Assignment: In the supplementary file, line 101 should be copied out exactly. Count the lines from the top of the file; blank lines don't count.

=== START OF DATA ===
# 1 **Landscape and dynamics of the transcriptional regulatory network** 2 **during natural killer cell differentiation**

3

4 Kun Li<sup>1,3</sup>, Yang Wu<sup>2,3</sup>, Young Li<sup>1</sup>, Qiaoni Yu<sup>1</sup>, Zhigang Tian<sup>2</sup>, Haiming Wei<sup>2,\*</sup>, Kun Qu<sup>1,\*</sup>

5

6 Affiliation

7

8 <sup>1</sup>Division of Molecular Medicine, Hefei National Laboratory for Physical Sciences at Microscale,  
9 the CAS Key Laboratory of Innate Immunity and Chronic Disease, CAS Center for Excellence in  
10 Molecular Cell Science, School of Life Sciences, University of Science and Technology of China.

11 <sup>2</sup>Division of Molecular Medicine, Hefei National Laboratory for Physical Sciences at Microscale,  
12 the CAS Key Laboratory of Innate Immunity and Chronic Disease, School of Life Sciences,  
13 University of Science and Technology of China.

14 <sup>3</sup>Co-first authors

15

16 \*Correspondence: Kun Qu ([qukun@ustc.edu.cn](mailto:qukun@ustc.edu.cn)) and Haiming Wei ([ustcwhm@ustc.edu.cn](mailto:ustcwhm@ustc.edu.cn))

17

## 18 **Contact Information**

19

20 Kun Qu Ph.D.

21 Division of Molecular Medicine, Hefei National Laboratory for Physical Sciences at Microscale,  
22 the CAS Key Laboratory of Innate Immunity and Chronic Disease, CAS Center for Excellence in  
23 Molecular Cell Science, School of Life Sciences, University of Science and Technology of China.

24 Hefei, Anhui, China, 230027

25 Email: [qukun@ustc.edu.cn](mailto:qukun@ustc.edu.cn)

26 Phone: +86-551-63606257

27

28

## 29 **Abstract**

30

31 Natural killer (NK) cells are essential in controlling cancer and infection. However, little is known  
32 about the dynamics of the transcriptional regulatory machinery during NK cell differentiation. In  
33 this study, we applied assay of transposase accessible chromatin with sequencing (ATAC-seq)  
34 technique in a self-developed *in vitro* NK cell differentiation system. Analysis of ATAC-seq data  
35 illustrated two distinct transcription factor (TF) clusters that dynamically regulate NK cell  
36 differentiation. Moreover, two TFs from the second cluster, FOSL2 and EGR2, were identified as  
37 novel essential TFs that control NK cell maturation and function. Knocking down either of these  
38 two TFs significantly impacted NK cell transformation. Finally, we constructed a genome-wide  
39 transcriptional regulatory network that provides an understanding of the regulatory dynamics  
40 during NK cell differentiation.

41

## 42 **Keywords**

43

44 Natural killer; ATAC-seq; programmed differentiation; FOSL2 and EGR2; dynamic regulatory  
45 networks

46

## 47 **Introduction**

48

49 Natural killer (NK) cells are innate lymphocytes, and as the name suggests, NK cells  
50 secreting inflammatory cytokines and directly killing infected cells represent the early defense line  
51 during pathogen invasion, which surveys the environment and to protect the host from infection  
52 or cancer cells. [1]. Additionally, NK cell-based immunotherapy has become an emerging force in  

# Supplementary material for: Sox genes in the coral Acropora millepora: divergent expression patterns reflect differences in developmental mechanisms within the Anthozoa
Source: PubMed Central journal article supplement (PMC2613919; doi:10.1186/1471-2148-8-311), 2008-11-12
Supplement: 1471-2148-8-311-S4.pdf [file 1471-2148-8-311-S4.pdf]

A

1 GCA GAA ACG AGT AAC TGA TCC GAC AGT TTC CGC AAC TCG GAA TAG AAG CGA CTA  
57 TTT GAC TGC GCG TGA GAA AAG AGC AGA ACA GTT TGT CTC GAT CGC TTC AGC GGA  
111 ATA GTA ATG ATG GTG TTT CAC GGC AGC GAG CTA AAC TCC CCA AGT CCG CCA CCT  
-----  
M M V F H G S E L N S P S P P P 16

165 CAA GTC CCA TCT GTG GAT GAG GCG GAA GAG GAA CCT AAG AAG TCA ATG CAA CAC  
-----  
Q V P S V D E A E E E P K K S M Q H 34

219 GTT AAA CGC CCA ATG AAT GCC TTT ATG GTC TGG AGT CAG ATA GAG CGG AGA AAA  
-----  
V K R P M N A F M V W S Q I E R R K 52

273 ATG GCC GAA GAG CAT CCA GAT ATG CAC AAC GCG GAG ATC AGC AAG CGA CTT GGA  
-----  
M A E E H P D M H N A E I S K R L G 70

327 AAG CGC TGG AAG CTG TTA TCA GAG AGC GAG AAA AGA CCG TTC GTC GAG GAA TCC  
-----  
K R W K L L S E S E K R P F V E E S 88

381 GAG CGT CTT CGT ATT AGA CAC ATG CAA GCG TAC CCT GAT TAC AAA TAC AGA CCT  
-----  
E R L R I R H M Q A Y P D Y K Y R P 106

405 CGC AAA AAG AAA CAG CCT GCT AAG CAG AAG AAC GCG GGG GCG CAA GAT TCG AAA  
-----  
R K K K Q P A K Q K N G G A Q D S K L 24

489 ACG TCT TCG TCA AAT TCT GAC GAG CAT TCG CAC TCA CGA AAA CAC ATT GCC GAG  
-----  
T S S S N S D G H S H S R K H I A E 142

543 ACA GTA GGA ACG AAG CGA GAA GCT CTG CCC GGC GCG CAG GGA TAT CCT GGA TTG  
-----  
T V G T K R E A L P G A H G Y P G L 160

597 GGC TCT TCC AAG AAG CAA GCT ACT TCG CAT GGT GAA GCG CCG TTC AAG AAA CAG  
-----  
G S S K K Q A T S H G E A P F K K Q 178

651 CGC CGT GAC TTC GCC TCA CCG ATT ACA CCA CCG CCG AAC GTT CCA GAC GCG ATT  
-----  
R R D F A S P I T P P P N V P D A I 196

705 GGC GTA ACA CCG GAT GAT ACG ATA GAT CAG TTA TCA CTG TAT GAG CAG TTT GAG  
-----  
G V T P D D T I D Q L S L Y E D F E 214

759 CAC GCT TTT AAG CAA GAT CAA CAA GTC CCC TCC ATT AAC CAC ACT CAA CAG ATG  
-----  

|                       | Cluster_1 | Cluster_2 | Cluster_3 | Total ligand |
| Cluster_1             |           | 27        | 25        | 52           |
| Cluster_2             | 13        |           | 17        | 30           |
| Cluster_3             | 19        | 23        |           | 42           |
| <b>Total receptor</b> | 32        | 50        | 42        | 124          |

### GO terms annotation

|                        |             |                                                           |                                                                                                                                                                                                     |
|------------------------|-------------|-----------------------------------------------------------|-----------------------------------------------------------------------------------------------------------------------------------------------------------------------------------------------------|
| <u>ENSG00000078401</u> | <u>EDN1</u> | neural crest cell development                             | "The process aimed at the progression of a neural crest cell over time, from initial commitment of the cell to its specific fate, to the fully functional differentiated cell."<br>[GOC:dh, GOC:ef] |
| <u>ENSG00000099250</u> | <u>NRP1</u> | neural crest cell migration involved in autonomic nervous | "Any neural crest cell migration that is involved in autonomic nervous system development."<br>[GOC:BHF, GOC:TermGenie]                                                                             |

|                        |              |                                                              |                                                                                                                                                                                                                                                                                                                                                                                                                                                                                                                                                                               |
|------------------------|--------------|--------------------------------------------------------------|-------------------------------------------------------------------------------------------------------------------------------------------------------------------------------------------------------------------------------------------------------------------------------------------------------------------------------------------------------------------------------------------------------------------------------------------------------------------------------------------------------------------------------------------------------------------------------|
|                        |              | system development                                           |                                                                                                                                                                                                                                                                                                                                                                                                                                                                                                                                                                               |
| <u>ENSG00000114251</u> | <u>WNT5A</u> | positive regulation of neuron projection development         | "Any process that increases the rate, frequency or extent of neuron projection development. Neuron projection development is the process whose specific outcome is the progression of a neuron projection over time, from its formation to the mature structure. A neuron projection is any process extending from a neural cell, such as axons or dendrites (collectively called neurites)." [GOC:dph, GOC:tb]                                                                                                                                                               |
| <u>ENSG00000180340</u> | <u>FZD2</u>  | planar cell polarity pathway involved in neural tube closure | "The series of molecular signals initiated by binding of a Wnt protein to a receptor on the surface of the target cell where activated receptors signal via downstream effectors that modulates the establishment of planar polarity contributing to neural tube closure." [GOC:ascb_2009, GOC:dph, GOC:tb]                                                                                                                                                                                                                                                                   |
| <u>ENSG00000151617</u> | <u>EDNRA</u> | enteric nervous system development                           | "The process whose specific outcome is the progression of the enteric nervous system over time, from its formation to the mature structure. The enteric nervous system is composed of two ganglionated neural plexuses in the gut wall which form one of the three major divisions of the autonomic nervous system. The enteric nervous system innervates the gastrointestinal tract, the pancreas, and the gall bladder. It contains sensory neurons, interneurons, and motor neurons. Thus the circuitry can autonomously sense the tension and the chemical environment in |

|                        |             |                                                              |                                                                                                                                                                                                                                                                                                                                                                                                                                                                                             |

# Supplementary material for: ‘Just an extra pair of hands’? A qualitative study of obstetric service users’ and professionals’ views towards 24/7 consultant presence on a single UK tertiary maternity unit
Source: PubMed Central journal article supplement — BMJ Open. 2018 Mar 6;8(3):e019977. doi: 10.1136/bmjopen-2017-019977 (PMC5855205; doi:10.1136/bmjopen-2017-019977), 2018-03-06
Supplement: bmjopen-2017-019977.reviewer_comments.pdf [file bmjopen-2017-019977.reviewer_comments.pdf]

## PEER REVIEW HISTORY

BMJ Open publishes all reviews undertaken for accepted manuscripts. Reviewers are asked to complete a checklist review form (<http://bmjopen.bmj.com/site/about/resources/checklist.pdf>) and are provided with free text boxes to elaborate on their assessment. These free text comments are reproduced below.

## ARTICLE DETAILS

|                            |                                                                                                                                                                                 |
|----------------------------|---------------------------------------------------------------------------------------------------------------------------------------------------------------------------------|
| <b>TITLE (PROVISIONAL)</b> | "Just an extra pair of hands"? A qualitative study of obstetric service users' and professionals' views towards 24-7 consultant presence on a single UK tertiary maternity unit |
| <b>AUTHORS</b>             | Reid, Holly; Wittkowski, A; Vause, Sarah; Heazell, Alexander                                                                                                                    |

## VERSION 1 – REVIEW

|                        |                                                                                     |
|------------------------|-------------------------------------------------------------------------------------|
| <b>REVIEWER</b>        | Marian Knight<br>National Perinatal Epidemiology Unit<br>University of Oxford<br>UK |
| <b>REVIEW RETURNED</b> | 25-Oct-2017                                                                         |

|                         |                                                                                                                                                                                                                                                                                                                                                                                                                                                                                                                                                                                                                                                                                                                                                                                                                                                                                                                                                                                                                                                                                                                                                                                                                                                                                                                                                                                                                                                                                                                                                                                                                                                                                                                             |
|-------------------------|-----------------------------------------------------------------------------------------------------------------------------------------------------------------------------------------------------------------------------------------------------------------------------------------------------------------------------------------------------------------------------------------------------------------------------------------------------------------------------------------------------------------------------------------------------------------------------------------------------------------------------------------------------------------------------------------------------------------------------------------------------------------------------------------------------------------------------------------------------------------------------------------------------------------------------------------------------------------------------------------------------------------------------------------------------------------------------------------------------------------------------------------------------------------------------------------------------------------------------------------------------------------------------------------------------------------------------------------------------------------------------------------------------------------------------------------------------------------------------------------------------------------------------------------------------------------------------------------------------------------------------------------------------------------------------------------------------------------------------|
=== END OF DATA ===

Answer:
### GO terms annotation